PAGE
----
Last November, I attended a brilliant Sonia Choquette workshop in Chicago, along with an amazing group of my now-new-peers, peers whom share a desire to live an extraordinarily rich and vibrant life. At the end of this three-day workshop, I declared that I want to be a Modern Farmer. These words felt as if they came rushing out of nowhere, and I’m still not clear I know exactly what being a modern farmer means for me; but my path has definately veered this direction since making the declaration.
Pay no mind to the fact that I was living in my deceased mother’s empty condo in Woodstock, Illinois and was once again “without employment”, which is jargon for “unemployed”.
All things told, I knew swift changes were headed my way.
A week later I was in San Miguel de Allende for Thanksgiving with Reed Burns, my crazy cowboy of an ex-husband. We found our way back to each other, something that surprised us both because we had both said in the past that we were DONE. We have become family again and more important, are friends this time too.
A few months later, here I am in Driftwood, Texas, living in Reed’s 1940s farmhouse on a few acres of land, across the road from Reed, as he lives on the main ranch. I’ve got my dog, a new job (more on than later, when I’m sure I still have a job HAHA), and up until this morning, I had 28 cows living in my front yard.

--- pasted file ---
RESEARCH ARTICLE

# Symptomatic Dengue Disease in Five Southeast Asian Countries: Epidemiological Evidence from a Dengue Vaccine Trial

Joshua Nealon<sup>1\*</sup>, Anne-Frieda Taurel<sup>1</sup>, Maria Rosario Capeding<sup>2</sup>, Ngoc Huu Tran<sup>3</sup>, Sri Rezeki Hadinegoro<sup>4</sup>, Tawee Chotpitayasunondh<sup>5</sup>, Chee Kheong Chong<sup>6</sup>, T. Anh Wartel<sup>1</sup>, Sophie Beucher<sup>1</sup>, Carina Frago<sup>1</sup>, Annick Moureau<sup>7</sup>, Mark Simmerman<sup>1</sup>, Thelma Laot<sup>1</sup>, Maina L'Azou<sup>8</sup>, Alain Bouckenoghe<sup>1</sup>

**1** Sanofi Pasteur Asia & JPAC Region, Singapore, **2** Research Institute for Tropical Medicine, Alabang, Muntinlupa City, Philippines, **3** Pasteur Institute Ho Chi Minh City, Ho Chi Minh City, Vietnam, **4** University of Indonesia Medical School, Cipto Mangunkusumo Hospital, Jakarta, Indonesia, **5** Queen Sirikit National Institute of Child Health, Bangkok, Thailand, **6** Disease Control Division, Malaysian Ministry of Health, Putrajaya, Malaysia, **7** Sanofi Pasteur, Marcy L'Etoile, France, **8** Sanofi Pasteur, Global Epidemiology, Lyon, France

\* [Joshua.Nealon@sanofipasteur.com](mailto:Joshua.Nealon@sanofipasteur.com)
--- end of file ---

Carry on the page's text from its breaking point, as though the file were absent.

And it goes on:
I wouldn’t quite describe this as being a “modern farmer”, but it certainly is a million miles closer to being one than I was last November.
These are Red Angus cows, and are most commonly raised for beef production in the US. Reed’s family ranch is named Charro Ranch, and the cows of Charro have almost 300 acres to graze upon before they go to market twice a year. These are, without a doubt, very HAPPY COWS. They roam, they graze, they reproduce, they raise their young, they yell at each other, they do it all over again.
We moved the cows to this property, across the street from Charro Ranch, in order for them to maintenance the land and keep it safe from grass fires. Exactly four weeks later, there is no more grass for them to eat and this morning they went home.
I adored having the cows here; there were back at the house just about every other day because they work the land in a circular motion, and it took two days to move around the fourteen acres. When they were close by, there were two gals in particular that would hop the fence and dine in the front yard. At first I would escort Helen and Syliva back across the fence line, but then I began to enjoy having them in the yard. Soon their babies joined them and I loved having coffee with the girls and their kids, every other morning in the yard.
They have personalities; some bigger than others, and I enjoyed getting to know them. There is a solid calm about cows that I really admire, they emit a calming affect. Reed thinks I’m crazy for this, but I know what I feel. My dad used to reminisce about how heartbroken he was as a teenager after he sold his favorite cow, Daisy, so he could buy his first car. His eyes would well up with tears every time he told that story and we would laugh at him for getting all emotional over a cow. “Don’t have a cow over a cow Dad, ha-ha-HA!”
I always liked that story and now I get it.
Maybe a modern farmer has cows that cut her lawn and then they go home; I’m not sure.
I am still sorting this out and I love the daily exercise of this life because although I have very few certainties, I am certain that I have never been more awake than I am these days. It’s a whole-lotta-Texas to take in, and sometimes I need a breather from all this country thunder, but *yahoo* I’m living in the Wild, Wild West and am totally grateful for this opportunity.
Next up: chickens in the yard :))